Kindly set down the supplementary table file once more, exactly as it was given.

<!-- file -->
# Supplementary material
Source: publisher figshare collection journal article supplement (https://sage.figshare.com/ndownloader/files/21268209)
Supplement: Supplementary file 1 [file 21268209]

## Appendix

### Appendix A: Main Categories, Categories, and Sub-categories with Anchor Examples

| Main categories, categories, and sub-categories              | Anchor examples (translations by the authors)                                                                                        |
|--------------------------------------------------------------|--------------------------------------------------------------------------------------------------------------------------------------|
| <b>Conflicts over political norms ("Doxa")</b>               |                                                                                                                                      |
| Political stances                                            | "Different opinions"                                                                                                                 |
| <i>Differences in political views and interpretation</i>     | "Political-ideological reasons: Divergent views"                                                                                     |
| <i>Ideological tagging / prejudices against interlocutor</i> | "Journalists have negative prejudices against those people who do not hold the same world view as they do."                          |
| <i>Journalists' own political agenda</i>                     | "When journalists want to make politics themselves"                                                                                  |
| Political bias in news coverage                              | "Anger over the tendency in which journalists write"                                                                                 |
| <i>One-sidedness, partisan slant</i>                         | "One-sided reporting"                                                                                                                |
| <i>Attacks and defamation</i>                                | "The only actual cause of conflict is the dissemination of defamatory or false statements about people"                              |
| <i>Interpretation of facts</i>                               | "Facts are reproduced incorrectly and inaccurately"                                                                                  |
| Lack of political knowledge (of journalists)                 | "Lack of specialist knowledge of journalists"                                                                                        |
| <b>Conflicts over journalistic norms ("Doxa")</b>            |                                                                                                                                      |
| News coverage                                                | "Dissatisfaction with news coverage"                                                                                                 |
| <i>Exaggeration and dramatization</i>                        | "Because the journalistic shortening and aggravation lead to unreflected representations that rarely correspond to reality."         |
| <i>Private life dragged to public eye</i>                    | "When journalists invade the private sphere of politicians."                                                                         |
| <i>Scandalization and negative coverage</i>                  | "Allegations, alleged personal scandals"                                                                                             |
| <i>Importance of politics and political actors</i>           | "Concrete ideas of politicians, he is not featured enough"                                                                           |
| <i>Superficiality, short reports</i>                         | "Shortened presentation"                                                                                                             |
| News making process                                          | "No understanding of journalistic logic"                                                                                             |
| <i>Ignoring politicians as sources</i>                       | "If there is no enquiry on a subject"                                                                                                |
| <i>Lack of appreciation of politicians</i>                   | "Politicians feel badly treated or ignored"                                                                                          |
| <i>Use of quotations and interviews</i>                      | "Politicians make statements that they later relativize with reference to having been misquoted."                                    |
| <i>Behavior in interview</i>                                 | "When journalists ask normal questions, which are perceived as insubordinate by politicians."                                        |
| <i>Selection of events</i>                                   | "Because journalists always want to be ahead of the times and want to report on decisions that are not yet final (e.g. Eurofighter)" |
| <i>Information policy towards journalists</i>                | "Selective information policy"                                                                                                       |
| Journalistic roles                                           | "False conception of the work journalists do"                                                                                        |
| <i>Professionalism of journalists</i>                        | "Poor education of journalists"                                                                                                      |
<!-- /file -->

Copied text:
# Supplementary material
Source: publisher figshare collection journal article supplement (https://sage.figshare.com/ndownloader/files/21268209)
Supplement: Supplementary file 1 [file 21268209]

## Appendix

### Appendix A: Main Categories, Categories, and Sub-categories with Anchor Examples

| Main categories, categories, and sub-categories              | Anchor examples (translations by the authors)                                                                                        |
|--------------------------------------------------------------|--------------------------------------------------------------------------------------------------------------------------------------|
| <b>Conflicts over political norms ("Doxa")</b>               |                                                                                                                                      |
| Political stances                                            | "Different opinions"                                                                                                                 |
| <i>Differences in political views and interpretation</i>     | "Political-ideological reasons: Divergent views"                                                                                     |
| <i>Ideological tagging / prejudices against interlocutor</i> | "Journalists have negative prejudices against those people who do not hold the same world view as they do."                          |
| <i>Journalists' own political agenda</i>                     | "When journalists want to make politics themselves"                                                                                  |
| Political bias in news coverage                              | "Anger over the tendency in which journalists write"                                                                                 |
| <i>One-sidedness, partisan slant</i>                         | "One-sided reporting"                                                                                                                |
| <i>Attacks and defamation</i>                                | "The only actual cause of conflict is the dissemination of defamatory or false statements about people"                              |
| <i>Interpretation of facts</i>                               | "Facts are reproduced incorrectly and inaccurately"                                                                                  |
| Lack of political knowledge (of journalists)                 | "Lack of specialist knowledge of journalists"                                                                                        |
| <b>Conflicts over journalistic norms ("Doxa")</b>            |                                                                                                                                      |
| News coverage                                                | "Dissatisfaction with news coverage"                                                                                                 |
| <i>Exaggeration and dramatization</i>                        | "Because the journalistic shortening and aggravation lead to unreflected representations that rarely correspond to reality."         |
| <i>Private life dragged to public eye</i>                    | "When journalists invade the private sphere of politicians."                                                                         |
| <i>Scandalization and negative coverage</i>                  | "Allegations, alleged personal scandals"                                                                                             |
| <i>Importance of politics and political actors</i>           | "Concrete ideas of politicians, he is not featured enough"                                                                           |
| <i>Superficiality, short reports</i>                         | "Shortened presentation"                                                                                                             |
| News making process                                          | "No understanding of journalistic logic"                                                                                             |
| <i>Ignoring politicians as sources</i>                       | "If there is no enquiry on a subject"                                                                                                |
| <i>Lack of appreciation of politicians</i>                   | "Politicians feel badly treated or ignored"                                                                                          |
| <i>Use of quotations and interviews</i>                      | "Politicians make statements that they later relativize with reference to having been misquoted."                                    |
| <i>Behavior in interview</i>                                 | "When journalists ask normal questions, which are perceived as insubordinate by politicians."                                        |
| <i>Selection of events</i>                                   | "Because journalists always want to be ahead of the times and want to report on decisions that are not yet final (e.g. Eurofighter)" |
| <i>Information policy towards journalists</i>                | "Selective information policy"                                                                                                       |
| Journalistic roles                                           | "False conception of the work journalists do"                                                                                        |
| <i>Professionalism of journalists</i>                        | "Poor education of journalists"                                                                                                      |